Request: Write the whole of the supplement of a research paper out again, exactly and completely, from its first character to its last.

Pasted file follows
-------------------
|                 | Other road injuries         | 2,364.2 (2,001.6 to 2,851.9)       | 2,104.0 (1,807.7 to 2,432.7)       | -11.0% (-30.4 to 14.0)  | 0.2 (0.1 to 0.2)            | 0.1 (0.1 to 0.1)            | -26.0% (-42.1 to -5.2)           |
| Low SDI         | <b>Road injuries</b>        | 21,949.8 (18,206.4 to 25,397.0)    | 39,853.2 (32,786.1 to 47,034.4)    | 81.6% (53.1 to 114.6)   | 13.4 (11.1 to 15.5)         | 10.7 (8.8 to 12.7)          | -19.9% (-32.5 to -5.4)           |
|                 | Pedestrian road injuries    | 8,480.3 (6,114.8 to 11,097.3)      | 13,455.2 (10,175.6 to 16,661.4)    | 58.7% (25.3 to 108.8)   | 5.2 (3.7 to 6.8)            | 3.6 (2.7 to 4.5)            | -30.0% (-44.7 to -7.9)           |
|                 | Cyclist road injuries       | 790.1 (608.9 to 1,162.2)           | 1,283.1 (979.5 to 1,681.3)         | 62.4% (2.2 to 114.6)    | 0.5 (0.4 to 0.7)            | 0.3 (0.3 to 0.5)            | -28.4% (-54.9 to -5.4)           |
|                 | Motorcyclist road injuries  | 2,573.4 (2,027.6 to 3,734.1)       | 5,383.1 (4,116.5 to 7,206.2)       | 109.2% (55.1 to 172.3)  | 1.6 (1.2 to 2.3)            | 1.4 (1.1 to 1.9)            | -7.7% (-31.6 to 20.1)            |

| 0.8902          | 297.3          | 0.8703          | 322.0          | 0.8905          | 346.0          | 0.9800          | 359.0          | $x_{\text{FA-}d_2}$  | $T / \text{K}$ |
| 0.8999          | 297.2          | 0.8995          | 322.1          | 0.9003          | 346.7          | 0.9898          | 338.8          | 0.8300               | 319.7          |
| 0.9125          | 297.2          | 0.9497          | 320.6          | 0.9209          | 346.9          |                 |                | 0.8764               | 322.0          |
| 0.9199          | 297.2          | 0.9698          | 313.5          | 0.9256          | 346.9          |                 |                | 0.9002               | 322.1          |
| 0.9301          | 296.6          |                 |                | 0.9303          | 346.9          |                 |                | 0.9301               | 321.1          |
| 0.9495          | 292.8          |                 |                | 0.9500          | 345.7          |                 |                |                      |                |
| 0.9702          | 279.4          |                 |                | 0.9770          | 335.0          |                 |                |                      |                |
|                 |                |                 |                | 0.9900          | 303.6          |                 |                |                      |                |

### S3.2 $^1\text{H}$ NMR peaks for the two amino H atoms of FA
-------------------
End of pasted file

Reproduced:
|                 | Other road injuries         | 2,364.2 (2,001.6 to 2,851.9)       | 2,104.0 (1,807.7 to 2,432.7)       | -11.0% (-30.4 to 14.0)  | 0.2 (0.1 to 0.2)            | 0.1 (0.1 to 0.1)            | -26.0% (-42.1 to -5.2)           |
| Low SDI         | <b>Road injuries</b>        | 21,949.8 (18,206.4 to 25,397.0)    | 39,853.2 (32,786.1 to 47,034.4)    | 81.6% (53.1 to 114.6)   | 13.4 (11.1 to 15.5)         | 10.7 (8.8 to 12.7)          | -19.9% (-32.5 to -5.4)           |
|                 | Pedestrian road injuries    | 8,480.3 (6,114.8 to 11,097.3)      | 13,455.2 (10,175.6 to 16,661.4)    | 58.7% (25.3 to 108.8)   | 5.2 (3.7 to 6.8)            | 3.6 (2.7 to 4.5)            | -30.0% (-44.7 to -7.9)           |
|                 | Cyclist road injuries       | 790.1 (608.9 to 1,162.2)           | 1,283.1 (979.5 to 1,681.3)         | 62.4% (2.2 to 114.6)    | 0.5 (0.4 to 0.7)            | 0.3 (0.3 to 0.5)            | -28.4% (-54.9 to -5.4)           |
|                 | Motorcyclist road injuries  | 2,573.4 (2,027.6 to 3,734.1)       | 5,383.1 (4,116.5 to 7,206.2)       | 109.2% (55.1 to 172.3)  | 1.6 (1.2 to 2.3)            | 1.4 (1.1 to 1.9)            | -7.7% (-31.6 to 20.1)            |

| 0.8902          | 297.3          | 0.8703          | 322.0          | 0.8905          | 346.0          | 0.9800          | 359.0          | $x_{\text{FA-}d_2}$  | $T / \text{K}$ |
| 0.8999          | 297.2          | 0.8995          | 322.1          | 0.9003          | 346.7          | 0.9898          | 338.8          | 0.8300               | 319.7          |
| 0.9125          | 297.2          | 0.9497          | 320.6          | 0.9209          | 346.9          |                 |                | 0.8764               | 322.0          |
| 0.9199          | 297.2          | 0.9698          | 313.5          | 0.9256          | 346.9          |                 |                | 0.9002               | 322.1          |
| 0.9301          | 296.6          |                 |                | 0.9303          | 346.9          |                 |                | 0.9301               | 321.1          |
| 0.9495          | 292.8          |                 |                | 0.9500          | 345.7          |                 |                |                      |                |
| 0.9702          | 279.4          |                 |                | 0.9770          | 335.0          |                 |                |                      |                |
|                 |                |                 |                | 0.9900          | 303.6          |                 |                |                      |                |

### S3.2 $^1\text{H}$ NMR peaks for the two amino H atoms of FA